In parallel with the series circuit of trigger thyristor 211, resistor 212 and constant voltage diode 213 is connected a capacitor 221 for causing the constant voltage diode 213 to produce a constant voltage for a predetermined time. Connected in parallel to the constant voltage diode 213 is a capacitor 222. Connected in parallel to trigger thyristor 211 is a series circuit of a trigger capacitor 223 and a primary winding 224a of the trigger transformer. A secondary winding of trigger transformer 224 is connected at its one end to a trigger electrode 225 of flash discharge tube 214 and at its opposite end to a conjunction point P1 of flash discharge tube 214 and main thyristor 215 and also to a resistor 226.

The main thyristor 215 is used as the series control switching element and constitutes a light amount control circuit 227 together with the main thyristor 215 and commutation thyristor 217. 228 is a commutation capacitor; 229 is a capacitor; and 230 and 231 are resitors. The gate of commutation thyristor 217 is connected to the output of a light metering circuit 232 as signal output means. The light metering circuit is formed with a comparator 233, resistors 234 and 235, a capacitor 236 as integrating means and the photosensitive element 16 which is in common use with the diaphragm control circuit. The light amount control circuit 227 and the light metering circuit 232 constitute a flash exposure control circuit.

For note, the changeover switch 118 connected in series with the photosensitive element 16 has, similarly to the switch 20, its "b" position for flash photography and its "c" position for daylight or stationary photography.

The operation

When a daylight exposure is to be made, the switches 20 and 118 are in their "a-c" positions. Upon throwing a power switch (not shown), a voltage proportional to the intensity of light passing through the diaphragm 10 and impinging on the photosensitive element 16 is produced at the output of operational amplifier 106.

Assuming that the intensity of incident light is so high that the output voltage of operational amplifier 106 rises above the reference level at the non-inverting input of operational amplifier 110, then a negative voltage is produced at the output of operational amplifier 110. This voltage is applied to the drive coil 111, thereby the diaphragm is closed down with decrease in the intensity of light incident upon the photosensitive element 16. As the diaphragm is moving in a direction to close the size of aperture opening a negative electromotive force is exerted in the brake coil 112 as has been mentioned above, and is applied to the non-inverting input of operational amplifier 116. The operational amplifier 116 amplifies this in the non-inverting direction and produces a negative output voltage which is then applied through resistor 117 to the inverting input of operational amplifier 110. The operational amplifier 110 inverts this negative voltage and produces an output in the form of a positive voltage component. The voltage appearing at the output of operational amplifier 110 curing movement of the diaphragm is equal to the sum of the negative voltage given by the output of the operational amplifier 106 and the positive voltage given by the operational amplifier 116, so that the driving voltage for the drive coil 111 is cancelled by the electromotive force exerted in the brake coil 112, and an over-control of the diaphragm is prevented.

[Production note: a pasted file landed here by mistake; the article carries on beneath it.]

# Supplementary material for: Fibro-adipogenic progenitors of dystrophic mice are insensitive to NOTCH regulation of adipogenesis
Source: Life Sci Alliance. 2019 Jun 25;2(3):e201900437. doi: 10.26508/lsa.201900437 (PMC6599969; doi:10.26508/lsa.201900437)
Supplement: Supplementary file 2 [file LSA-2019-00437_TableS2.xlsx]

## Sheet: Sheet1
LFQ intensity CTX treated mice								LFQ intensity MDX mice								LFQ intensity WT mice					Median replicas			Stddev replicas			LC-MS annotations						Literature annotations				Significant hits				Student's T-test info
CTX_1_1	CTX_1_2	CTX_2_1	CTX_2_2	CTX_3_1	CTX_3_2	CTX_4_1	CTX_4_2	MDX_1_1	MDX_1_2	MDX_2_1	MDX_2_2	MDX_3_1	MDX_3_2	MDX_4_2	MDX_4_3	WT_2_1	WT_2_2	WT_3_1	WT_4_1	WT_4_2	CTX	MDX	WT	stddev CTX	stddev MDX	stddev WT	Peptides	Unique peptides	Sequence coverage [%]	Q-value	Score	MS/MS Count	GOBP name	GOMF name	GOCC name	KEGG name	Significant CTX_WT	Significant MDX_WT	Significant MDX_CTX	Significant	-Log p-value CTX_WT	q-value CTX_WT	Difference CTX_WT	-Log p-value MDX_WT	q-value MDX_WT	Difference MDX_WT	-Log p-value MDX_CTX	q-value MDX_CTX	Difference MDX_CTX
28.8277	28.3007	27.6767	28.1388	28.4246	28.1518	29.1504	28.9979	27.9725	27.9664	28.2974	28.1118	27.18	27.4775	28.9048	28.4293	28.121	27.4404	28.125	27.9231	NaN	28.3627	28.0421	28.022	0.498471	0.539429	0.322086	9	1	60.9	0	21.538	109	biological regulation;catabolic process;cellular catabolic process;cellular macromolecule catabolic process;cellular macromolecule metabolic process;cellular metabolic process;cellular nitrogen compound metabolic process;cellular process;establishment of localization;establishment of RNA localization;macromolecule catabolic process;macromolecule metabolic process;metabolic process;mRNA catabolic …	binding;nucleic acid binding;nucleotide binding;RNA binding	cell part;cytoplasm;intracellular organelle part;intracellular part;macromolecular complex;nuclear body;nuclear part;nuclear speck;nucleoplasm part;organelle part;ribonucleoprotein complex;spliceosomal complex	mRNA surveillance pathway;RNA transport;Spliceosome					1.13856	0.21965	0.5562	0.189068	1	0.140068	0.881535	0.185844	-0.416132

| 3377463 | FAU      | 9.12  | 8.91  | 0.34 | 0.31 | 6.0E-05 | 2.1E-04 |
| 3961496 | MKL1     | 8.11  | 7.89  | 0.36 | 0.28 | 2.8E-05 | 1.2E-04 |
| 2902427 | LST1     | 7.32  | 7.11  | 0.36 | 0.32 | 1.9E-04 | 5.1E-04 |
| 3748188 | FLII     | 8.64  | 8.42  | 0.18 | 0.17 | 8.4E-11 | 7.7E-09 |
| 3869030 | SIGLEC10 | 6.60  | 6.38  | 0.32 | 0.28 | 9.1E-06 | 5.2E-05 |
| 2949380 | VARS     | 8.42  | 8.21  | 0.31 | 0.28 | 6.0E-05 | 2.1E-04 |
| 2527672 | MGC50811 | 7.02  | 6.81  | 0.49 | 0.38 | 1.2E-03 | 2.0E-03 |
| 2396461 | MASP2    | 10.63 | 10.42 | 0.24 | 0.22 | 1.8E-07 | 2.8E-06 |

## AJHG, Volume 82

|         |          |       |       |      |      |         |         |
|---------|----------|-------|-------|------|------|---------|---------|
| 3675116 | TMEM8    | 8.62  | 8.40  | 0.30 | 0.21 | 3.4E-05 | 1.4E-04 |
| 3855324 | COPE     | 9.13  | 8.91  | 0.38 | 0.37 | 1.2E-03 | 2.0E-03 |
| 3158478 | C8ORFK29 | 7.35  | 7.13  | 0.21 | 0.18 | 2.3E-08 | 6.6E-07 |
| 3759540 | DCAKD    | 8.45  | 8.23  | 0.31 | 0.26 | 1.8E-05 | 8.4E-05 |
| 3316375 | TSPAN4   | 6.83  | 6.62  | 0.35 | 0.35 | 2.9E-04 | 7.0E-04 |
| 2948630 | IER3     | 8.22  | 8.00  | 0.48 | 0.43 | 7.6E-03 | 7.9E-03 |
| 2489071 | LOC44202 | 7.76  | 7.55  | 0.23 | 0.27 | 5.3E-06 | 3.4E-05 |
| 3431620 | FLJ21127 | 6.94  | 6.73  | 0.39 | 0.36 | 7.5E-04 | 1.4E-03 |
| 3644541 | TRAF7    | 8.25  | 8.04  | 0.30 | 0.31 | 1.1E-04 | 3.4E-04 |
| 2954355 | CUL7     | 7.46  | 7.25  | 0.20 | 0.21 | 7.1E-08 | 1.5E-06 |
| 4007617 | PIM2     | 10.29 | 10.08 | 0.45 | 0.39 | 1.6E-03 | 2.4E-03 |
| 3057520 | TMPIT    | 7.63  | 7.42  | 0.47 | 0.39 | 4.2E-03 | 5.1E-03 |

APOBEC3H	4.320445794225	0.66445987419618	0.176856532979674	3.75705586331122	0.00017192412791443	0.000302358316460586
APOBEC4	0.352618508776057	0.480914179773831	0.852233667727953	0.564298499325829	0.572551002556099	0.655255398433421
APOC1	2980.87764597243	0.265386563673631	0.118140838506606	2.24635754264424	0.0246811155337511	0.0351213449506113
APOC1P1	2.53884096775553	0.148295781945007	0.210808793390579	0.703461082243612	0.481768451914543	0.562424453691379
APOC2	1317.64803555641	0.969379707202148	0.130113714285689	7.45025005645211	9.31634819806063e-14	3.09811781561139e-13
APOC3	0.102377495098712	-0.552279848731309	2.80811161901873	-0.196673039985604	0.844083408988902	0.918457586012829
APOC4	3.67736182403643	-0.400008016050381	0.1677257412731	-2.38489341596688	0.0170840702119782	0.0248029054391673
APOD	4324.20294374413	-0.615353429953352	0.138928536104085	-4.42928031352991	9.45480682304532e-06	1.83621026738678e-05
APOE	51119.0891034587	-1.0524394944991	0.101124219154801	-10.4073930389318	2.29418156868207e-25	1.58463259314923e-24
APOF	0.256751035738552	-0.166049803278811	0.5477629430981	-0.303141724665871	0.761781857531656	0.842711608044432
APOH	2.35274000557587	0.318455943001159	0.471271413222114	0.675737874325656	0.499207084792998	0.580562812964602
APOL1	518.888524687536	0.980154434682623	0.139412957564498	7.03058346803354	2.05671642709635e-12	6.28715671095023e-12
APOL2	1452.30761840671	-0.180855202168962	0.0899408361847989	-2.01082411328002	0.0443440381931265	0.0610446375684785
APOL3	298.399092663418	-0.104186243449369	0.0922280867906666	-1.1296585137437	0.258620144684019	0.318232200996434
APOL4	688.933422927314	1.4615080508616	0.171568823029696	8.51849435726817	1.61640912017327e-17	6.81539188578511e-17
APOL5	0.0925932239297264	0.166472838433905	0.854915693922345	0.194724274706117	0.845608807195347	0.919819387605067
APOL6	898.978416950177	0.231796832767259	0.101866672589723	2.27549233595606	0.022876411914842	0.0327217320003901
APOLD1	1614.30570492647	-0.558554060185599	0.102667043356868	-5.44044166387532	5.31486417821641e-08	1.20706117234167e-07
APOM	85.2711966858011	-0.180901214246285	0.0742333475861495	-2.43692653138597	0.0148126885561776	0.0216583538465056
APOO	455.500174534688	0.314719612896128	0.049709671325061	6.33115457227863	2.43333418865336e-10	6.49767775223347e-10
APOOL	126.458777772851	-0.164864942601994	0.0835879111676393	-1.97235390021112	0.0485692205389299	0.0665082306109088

Conversely, when the output voltage of operational amplifier 106 is lower than the reference level at the slider of the variable resistor 108, or the non-inverting input of operational amplifier 110, a positive voltage is produced at the output of operational amplifier 110 and is applied to drive coil 111, thereby the diaphragm is driven to open. However, as the diaphragm is opened, a positive electromotive force is generated in the brake coil 112, and after having been amplified by operational amplifier 116 is applied to operational amplifier 110. Thereby the output of operational amplifier 110, or the driving voltage of drive coil 111 is reduced to prevent over-running of the diaphragm. This effect is the same as when the diaphragm is closed.